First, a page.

A state-backed virtual currency may be launched in Iran, according to the Ministry of Technology. It has revealed that one of the country’s banks is working on the project.

“In a meeting with the board of directors of Post Bank on digital currencies based on the blockchain, I … prescribed … measures to implement the country’s first cloud-based digital currency,” Minister of Information and Communications Technology Mohammad-Javad Azari Jahromi tweeted.

Media reported the Central Bank of Iran was cooperating with other institutions to control digital currencies in Iran. A national digital currency could help Tehran evade potential sanctions from Washington as US President Donald Trump is reportedly considering their reinstatement.

In 2015, a nuclear agreement was reached between Iran and the US, UK, China, France, Germany, and Russia, which saw economic sanctions lifted in exchange for limitations of Iran’s nuclear program. After Trump was elected president he described the nuclear agreement signed by his predecessor Barack Obama as “the worst deal ever negotiated.”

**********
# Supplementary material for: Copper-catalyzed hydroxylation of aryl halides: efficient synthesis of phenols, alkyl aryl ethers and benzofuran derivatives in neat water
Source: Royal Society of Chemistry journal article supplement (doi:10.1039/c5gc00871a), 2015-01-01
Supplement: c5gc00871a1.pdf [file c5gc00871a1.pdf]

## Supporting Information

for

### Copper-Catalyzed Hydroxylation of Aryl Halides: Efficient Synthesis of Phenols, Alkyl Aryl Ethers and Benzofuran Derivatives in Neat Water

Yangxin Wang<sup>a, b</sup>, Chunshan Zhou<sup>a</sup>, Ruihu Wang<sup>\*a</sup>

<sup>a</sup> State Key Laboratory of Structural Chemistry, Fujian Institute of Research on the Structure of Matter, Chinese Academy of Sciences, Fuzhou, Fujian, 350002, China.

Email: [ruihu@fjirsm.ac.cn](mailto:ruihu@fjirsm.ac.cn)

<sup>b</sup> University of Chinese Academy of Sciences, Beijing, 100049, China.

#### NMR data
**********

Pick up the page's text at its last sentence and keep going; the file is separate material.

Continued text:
Iran is still mostly cut off from major international payment networks such as Visa and Mastercard, and services such as PayPal.

Tehran’s announcement on its crypto project follows Venezuela’s launch of the world’s first national digital currency the ‘petro’. The oil-backed cryptocurrency has raised the equivalent of more than $735 million, according to President Nicolas Maduro.

After the successful pre-sale of the petro last week, Maduro announced a new virtual token, dubbed ‘petro oro’, which will be backed by precious metals. The launch of the petro oro is scheduled for this week.

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